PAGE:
Skip to main content

FREE APEX Hosting (Sort of...)

Looks like AppsHosting is getting into the business of hosting APEX applications. And they will do it for free, too - provided its for development only.

If you want your own dedicated APEX environment, that will run you $199/month. And you'll also need an Oracle CSI# for production applications, which is interesting, as it would seem that you would have to license Oracle for their servers, which could be way more or less than you need...

Comments

appshosting said…
Hi Scott!

Thanks for reviewing AppsHosting. The plan you are referring to is our enterprise plan, which does include Oracle 10G licensing (as with all our plans. We also offer free developer APEX hosting.

Although a bit pricey, this includes 50+ GB of disk space, dedicated IP addresses, unlimited workspaces etc. Oracle 10G database licensing is also factored in as part of this cost. It is intended for large scale production deployments.

We are currently in the process of putting together lower end APEX hosting packages, in the range of $25 to $100 per month. These should be published on our site in the next few days.

Regards,
AppsHosting

Popular posts from this blog

Logging APEX Report Downloads

A customer recently asked how APEX could track who clicked “download” from an Interactive Grid.  After some quick searching of the logs, I realized that APEX simply does not record this type of activity, aside from a simple page view type of “AJAX” entry.  This was not specific enough, and of course, led to the next question - can we prevent users from downloading data from a grid entirely?

I knew that any Javascript-based solution would fall short of their security requirements, since it is trivial to reconstruct the URL pattern required to initiate a download, even if the Javascript had removed the option from the menu.  Thus, I had to consider a PL/SQL-based approach - one that could not be bypassed by a malicious end user.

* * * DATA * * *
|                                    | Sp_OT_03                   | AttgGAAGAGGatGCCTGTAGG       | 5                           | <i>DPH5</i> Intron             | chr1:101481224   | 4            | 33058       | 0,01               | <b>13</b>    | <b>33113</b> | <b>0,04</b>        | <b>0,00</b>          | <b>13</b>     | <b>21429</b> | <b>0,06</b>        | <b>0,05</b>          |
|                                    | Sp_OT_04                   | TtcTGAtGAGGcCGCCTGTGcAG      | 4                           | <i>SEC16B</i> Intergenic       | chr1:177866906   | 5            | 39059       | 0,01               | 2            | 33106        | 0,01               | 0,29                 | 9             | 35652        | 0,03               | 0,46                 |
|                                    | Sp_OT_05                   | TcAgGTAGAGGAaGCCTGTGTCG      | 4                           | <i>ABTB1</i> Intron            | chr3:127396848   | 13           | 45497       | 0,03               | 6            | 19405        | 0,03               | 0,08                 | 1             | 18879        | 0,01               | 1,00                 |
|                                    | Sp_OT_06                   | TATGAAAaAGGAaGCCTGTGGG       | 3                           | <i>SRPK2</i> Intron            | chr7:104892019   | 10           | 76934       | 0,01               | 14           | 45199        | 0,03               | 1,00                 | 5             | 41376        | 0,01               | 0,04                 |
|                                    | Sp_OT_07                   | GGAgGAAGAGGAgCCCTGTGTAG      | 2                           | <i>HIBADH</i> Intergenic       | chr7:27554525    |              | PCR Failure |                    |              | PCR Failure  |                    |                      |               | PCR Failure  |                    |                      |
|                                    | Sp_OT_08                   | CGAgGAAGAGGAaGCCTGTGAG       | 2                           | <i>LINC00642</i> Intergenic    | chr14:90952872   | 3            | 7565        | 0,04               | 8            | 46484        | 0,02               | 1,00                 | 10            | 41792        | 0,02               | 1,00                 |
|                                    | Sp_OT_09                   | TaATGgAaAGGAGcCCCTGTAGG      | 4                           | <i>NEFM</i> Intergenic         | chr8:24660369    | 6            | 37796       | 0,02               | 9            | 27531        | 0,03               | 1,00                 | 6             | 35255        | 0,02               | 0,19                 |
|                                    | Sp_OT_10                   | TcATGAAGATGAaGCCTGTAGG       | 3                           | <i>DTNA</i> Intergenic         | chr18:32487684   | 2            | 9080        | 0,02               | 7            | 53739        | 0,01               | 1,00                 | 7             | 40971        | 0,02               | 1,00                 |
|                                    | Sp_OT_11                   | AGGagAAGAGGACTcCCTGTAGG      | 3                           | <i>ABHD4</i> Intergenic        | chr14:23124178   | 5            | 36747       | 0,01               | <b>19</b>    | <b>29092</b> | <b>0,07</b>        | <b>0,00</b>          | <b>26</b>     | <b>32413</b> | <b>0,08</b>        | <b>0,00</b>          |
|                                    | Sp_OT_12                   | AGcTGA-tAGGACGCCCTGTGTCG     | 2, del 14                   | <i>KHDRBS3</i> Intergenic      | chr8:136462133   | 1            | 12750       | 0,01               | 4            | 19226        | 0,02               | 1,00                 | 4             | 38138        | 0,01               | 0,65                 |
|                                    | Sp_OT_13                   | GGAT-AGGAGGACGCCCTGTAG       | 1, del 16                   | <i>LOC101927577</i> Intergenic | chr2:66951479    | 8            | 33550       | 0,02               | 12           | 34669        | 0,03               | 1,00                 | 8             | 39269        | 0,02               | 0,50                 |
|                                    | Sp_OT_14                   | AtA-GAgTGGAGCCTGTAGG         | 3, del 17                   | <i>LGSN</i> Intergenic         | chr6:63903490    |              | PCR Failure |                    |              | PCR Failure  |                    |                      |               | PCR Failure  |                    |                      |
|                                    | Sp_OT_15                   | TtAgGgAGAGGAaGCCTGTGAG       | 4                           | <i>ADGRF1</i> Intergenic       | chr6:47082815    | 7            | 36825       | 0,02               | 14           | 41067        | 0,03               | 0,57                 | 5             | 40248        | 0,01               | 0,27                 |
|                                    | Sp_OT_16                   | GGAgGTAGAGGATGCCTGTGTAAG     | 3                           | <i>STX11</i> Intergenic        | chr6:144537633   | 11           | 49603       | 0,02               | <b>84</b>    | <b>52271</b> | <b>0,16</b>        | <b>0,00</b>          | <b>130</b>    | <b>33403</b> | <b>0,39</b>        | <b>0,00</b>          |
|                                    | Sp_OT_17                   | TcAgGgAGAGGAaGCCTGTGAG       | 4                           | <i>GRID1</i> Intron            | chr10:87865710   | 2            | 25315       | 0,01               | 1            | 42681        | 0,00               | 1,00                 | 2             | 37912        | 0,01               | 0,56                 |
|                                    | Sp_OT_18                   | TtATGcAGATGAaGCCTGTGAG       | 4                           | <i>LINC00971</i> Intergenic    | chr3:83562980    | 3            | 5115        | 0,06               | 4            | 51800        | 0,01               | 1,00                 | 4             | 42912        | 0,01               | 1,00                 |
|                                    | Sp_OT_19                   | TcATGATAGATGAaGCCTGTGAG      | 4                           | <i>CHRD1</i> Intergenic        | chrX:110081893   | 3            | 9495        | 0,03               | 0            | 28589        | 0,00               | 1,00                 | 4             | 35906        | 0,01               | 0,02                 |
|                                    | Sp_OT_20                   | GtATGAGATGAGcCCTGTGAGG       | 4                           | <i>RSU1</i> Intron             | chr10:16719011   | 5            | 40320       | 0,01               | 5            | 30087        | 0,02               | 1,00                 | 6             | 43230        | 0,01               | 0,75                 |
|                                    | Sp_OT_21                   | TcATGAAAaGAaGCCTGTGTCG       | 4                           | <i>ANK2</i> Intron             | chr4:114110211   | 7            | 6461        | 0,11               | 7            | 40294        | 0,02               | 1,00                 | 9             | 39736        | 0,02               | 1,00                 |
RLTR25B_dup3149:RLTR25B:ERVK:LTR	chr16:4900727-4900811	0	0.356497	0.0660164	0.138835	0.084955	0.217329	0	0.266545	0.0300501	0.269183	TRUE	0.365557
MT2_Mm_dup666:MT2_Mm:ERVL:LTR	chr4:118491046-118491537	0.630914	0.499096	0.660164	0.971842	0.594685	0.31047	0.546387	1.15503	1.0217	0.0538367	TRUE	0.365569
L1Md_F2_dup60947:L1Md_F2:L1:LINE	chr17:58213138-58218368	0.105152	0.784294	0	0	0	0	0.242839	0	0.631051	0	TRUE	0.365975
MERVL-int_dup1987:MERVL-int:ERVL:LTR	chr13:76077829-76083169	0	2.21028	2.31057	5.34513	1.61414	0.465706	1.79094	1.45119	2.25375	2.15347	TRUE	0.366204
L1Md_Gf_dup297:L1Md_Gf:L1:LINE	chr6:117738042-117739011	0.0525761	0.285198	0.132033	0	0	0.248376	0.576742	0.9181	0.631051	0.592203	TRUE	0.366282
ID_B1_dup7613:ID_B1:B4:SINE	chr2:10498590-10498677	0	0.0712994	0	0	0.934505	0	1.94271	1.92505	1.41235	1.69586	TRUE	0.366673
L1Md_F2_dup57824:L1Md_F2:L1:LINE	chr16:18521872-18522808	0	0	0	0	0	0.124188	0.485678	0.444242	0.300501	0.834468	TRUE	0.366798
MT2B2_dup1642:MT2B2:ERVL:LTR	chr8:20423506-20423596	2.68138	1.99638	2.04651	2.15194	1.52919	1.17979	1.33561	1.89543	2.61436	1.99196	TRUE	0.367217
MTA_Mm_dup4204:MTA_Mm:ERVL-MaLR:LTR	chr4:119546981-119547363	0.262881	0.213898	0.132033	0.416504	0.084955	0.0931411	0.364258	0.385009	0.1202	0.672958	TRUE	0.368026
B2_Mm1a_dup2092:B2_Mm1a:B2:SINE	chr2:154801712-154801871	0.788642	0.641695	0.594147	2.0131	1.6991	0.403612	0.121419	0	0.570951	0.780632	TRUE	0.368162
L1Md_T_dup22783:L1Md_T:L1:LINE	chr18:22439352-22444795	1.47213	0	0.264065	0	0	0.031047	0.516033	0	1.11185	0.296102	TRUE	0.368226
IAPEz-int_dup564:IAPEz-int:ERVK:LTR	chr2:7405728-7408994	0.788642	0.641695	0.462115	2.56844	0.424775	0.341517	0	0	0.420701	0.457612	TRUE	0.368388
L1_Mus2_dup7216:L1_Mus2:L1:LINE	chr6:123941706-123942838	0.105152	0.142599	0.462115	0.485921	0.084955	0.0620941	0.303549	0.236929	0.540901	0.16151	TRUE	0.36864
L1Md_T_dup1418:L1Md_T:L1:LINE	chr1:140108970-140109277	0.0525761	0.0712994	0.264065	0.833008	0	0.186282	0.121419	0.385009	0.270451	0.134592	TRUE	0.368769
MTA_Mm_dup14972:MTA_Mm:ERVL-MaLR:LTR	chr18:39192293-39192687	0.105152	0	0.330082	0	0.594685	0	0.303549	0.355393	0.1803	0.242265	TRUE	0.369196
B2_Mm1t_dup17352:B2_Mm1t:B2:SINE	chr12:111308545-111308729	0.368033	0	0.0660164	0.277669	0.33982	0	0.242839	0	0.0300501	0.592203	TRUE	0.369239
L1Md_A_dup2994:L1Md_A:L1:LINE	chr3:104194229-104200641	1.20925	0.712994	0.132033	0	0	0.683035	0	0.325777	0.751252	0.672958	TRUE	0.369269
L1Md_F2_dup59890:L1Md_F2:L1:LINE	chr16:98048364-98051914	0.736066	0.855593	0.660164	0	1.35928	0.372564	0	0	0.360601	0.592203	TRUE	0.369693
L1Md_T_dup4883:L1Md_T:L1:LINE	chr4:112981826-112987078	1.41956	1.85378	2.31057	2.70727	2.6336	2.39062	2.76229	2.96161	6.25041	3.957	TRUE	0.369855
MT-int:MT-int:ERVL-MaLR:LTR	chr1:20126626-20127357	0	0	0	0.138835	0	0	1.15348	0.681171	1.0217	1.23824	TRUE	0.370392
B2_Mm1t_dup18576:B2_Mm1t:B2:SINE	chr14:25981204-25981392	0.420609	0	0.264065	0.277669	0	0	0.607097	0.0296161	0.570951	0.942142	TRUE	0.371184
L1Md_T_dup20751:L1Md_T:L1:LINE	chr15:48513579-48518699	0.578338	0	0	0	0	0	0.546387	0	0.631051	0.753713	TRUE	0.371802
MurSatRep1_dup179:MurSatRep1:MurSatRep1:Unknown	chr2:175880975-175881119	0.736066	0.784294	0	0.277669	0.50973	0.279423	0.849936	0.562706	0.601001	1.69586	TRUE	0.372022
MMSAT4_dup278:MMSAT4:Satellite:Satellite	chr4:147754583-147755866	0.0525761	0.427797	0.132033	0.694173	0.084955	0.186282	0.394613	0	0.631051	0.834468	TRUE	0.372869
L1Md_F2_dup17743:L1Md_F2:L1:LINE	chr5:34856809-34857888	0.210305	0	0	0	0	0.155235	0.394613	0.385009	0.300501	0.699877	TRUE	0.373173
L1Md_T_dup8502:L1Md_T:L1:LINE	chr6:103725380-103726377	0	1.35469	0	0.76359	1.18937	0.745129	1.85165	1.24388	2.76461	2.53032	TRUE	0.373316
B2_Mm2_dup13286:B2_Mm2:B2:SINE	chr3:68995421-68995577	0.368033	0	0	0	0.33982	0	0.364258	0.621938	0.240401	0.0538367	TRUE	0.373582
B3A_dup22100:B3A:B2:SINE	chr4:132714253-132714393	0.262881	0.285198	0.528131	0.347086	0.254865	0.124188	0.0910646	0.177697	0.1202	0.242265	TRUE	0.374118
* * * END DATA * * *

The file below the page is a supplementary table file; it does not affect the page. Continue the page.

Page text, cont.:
To solve this problem, I turned to APEX’s Initialization PL/SQL Code parameter.  Any PL/SQL code entered in this region will be executed before any other APEX-related process.  Thus, it is literally the first place that a developer can interact with an APEX page…

Custom Export to CSV

It's been a while since I've updated my blog. I've been quite busy lately, and just have not had the time that I used to. We're expecting our 1st child in just a few short weeks now, so most of my free time has been spent learning Lamaze breathing, making the weekly run to Babies R Us, and relocating my office from the larger room upstairs to the smaller one downstairs - which I do happen to like MUCH more than I had anticipated. I have everything I need within a short walk - a bathroom, beer fridge, and 52" HD TV. I only need to go upstairs to eat and sleep now, but alas, this will all change soon...

Recently, I was asked if you could change the way Export to CSV in ApEx works. The short answer is, of course, no. But it's not too difficult to "roll your own" CSV export procedure.

Why would you want to do this? Well, the customer's requirement was to manipulate some data when the Export link was clicked, and then export it to CSV in a format…

Refreshing PL/SQL Regions in APEX

If you've been using APEX long enough, you've probably used a PL/SQL Region to render some sort of HTML that the APEX built-in components simply can't handle. Perhaps a complex chart or region that has a lot of custom content and/or layout. While best practices may be to use an APEX component, or if not, build a plugin, we all know that sometimes reality doesn't give us that kind of time or flexibility.While the PL/SQL Region is quite powerful, it still lacks a key feature: the ability to be refreshed by a Dynamic Action. This is true even in APEX 5. Fortunately, there's a simple workaround that only requires a small change to your code: change your procedure to a function and call it from a Classic Report region.In changing your procedure to a function, you'll likely only need to make one type of change: converting and htp.prn calls to instead populate and return a variable at the end of the function. Most, if not all of the rest of the code can remain un…